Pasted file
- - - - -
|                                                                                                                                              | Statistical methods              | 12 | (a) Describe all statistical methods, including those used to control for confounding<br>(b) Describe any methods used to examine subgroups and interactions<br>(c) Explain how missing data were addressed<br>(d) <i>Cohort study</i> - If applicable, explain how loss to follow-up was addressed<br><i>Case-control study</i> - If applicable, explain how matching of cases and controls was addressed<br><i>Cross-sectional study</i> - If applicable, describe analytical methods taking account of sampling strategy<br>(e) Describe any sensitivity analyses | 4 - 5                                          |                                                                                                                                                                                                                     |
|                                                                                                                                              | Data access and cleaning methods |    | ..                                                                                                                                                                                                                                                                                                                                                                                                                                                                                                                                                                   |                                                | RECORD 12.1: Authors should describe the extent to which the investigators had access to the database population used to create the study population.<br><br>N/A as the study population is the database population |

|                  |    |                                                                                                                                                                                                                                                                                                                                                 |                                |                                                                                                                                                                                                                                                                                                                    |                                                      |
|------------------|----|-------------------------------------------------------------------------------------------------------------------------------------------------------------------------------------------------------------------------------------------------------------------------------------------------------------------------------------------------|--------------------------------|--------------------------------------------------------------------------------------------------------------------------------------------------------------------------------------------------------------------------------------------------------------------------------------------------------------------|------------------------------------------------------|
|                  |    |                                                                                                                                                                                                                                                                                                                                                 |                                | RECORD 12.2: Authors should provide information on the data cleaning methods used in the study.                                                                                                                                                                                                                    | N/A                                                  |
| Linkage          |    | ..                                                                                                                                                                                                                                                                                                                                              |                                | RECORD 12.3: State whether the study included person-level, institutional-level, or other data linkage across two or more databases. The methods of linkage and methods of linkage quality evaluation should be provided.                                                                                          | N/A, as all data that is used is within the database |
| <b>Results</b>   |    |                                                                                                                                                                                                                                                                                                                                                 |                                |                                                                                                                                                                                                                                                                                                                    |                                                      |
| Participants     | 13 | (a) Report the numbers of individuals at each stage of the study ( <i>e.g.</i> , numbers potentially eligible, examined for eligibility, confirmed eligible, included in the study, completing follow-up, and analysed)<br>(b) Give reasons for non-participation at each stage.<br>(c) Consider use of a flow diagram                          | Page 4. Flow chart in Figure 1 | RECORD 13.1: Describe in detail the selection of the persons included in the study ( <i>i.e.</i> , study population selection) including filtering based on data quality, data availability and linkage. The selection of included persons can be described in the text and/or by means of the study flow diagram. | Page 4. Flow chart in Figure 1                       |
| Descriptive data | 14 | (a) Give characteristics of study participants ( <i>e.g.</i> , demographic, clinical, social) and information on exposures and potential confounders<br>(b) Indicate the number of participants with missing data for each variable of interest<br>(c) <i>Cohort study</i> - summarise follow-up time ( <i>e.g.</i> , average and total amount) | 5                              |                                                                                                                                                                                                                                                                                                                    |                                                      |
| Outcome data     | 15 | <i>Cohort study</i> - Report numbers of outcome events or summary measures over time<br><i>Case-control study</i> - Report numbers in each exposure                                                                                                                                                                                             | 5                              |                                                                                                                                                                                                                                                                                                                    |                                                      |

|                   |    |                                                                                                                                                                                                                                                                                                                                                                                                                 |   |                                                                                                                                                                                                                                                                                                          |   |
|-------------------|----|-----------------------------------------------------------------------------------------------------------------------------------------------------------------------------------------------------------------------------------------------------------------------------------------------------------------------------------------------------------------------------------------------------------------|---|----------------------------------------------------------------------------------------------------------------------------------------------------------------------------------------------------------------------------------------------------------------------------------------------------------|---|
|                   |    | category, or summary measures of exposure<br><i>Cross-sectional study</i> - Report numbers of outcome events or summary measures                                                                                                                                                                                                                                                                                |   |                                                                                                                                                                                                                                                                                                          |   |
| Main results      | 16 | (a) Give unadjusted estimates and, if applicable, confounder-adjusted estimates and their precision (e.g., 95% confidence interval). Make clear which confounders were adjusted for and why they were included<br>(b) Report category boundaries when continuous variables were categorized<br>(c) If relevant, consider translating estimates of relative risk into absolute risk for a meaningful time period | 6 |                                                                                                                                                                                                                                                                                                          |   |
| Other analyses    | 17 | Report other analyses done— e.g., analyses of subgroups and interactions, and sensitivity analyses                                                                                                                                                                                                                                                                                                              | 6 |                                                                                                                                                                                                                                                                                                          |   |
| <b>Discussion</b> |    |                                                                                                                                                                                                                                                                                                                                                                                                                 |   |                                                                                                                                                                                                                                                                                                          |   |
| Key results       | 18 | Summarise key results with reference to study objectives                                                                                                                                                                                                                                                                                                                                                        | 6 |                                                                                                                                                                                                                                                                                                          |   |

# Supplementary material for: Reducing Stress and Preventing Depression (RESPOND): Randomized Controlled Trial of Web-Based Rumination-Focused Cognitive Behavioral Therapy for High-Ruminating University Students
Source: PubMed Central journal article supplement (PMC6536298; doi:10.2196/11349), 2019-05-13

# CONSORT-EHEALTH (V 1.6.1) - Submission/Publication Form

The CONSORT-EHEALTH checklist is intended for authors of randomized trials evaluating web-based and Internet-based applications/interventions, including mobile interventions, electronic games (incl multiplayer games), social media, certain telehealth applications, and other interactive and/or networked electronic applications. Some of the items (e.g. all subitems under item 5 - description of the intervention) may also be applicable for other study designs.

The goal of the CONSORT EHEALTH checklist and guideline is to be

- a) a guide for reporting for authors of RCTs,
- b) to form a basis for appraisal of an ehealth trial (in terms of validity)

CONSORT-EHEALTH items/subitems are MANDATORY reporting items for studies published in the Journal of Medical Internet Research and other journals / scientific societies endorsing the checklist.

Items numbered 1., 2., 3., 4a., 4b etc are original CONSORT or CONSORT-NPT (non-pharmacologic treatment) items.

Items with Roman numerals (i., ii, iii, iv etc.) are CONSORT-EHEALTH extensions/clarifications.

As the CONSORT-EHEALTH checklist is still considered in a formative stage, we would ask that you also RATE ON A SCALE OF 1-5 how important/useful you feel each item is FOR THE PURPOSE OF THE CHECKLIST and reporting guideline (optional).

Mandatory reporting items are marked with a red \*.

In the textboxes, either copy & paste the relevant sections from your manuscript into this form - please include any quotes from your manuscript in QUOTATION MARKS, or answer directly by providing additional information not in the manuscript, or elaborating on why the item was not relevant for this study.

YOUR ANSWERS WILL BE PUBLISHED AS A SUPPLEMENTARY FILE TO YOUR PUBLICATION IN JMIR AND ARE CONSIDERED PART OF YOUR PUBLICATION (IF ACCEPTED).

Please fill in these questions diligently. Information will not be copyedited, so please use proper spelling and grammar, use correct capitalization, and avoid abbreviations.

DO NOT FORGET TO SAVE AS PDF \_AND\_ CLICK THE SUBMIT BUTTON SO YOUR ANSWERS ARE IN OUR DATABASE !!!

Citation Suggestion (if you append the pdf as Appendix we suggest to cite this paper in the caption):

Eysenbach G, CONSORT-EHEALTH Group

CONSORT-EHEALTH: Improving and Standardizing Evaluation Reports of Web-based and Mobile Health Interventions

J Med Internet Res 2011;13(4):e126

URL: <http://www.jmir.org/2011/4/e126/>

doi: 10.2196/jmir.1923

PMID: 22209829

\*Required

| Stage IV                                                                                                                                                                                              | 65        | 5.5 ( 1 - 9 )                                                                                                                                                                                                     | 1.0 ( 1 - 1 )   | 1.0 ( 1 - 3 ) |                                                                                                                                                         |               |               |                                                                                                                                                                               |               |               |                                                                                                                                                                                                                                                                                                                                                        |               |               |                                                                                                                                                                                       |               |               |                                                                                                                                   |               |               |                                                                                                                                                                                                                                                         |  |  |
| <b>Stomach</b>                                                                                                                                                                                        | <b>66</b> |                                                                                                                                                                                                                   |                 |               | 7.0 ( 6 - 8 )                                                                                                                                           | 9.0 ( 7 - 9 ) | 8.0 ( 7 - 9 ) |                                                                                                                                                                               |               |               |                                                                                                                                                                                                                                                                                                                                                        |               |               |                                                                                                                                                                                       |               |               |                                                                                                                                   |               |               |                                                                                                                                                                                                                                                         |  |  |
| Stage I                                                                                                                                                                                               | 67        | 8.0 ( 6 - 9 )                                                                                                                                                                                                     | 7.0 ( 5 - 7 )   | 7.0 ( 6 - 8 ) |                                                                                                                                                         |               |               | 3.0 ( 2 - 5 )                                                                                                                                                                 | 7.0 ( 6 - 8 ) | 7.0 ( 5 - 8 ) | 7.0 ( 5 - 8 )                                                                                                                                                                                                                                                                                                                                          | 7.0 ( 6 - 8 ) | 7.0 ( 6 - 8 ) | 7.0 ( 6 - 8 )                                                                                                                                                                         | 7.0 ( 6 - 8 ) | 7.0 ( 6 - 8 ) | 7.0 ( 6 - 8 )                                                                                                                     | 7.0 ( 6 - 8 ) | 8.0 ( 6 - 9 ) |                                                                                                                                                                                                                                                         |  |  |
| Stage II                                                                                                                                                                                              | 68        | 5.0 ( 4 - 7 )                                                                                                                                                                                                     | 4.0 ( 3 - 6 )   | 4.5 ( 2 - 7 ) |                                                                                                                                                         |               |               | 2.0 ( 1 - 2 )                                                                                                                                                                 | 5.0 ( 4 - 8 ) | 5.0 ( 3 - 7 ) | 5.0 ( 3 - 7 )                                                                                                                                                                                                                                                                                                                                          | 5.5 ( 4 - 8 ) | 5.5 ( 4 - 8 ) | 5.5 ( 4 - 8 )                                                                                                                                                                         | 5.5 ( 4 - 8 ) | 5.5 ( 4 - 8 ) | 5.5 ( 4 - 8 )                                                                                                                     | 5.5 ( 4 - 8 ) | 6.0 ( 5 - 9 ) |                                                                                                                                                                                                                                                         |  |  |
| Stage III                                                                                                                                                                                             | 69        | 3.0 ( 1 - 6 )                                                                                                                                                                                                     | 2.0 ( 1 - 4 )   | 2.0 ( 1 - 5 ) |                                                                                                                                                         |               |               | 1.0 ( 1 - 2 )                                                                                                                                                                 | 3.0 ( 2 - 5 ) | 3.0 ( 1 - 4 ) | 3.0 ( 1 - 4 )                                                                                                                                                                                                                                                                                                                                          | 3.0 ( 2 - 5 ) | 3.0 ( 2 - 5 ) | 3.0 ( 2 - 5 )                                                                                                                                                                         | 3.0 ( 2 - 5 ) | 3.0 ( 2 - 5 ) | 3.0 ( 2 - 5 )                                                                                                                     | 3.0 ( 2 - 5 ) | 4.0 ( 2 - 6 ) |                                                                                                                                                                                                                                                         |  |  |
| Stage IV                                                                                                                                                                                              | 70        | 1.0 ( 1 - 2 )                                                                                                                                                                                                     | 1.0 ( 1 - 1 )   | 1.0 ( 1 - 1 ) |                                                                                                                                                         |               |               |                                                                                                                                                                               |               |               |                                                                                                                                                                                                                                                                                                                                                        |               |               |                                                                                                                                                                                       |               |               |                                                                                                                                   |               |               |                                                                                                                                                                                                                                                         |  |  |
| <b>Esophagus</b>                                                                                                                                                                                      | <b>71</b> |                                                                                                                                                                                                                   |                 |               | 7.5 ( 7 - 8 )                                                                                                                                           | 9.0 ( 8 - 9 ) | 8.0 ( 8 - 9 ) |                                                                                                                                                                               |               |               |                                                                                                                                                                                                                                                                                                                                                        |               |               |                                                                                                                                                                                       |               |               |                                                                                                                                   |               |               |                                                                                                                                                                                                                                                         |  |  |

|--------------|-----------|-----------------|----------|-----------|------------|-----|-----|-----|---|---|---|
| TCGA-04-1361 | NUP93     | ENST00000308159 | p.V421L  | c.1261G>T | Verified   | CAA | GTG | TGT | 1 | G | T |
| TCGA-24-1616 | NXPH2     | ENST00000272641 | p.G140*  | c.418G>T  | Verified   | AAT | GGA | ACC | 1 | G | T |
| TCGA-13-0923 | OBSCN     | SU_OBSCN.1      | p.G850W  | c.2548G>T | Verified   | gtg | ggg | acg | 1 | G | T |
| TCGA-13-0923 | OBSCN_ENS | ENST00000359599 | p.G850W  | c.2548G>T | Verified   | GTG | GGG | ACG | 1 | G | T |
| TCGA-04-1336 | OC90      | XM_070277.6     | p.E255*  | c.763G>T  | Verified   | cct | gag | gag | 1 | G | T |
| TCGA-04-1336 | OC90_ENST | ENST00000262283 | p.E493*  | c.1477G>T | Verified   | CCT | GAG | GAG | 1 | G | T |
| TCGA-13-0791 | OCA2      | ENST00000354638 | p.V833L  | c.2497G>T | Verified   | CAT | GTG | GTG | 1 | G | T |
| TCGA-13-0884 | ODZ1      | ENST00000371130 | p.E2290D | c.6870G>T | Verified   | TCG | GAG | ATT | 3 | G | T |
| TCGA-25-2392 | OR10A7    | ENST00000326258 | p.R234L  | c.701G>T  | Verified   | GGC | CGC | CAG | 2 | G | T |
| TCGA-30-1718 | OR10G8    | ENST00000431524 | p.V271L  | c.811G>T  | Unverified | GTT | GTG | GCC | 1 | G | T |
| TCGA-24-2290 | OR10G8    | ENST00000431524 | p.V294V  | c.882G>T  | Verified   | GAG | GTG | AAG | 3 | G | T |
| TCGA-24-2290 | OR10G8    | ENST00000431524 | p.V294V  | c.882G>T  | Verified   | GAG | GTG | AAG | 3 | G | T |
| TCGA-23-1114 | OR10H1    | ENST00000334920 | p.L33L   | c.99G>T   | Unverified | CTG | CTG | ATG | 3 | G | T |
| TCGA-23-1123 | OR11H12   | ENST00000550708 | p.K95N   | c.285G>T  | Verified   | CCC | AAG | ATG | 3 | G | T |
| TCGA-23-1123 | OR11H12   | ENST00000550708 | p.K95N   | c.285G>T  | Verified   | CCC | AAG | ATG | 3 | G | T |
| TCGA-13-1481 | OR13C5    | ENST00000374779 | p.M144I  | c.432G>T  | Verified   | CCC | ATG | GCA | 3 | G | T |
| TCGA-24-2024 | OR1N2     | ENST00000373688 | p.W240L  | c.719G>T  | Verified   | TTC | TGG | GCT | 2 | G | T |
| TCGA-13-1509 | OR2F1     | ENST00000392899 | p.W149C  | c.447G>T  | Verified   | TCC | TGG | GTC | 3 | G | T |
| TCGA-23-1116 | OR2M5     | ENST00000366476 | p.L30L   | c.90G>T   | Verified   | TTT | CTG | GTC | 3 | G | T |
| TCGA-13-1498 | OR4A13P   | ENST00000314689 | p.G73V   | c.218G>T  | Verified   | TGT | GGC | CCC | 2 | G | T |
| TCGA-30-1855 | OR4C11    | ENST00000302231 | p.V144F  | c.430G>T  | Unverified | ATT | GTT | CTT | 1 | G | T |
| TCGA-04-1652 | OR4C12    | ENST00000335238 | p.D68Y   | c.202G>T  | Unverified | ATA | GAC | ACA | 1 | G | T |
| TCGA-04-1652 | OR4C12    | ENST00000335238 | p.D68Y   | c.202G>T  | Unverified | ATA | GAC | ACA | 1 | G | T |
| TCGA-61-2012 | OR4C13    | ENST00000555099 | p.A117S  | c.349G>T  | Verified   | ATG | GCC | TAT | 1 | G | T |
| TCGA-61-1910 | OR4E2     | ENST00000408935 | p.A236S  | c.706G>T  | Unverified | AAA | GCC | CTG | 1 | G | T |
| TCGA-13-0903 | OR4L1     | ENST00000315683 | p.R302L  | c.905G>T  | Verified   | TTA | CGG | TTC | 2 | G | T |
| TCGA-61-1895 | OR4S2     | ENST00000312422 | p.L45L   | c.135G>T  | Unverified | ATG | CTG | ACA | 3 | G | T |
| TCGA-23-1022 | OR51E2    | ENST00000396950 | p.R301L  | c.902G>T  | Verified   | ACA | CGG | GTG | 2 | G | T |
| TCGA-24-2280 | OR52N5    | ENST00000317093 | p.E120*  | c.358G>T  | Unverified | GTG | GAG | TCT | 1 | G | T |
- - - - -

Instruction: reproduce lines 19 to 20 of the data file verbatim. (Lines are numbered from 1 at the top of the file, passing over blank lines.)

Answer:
Source: PubMed Central journal article supplement (PMC6536298; doi:10.2196/11349), 2019-05-13

# CONSORT-EHEALTH (V 1.6.1) - Submission/Publication Form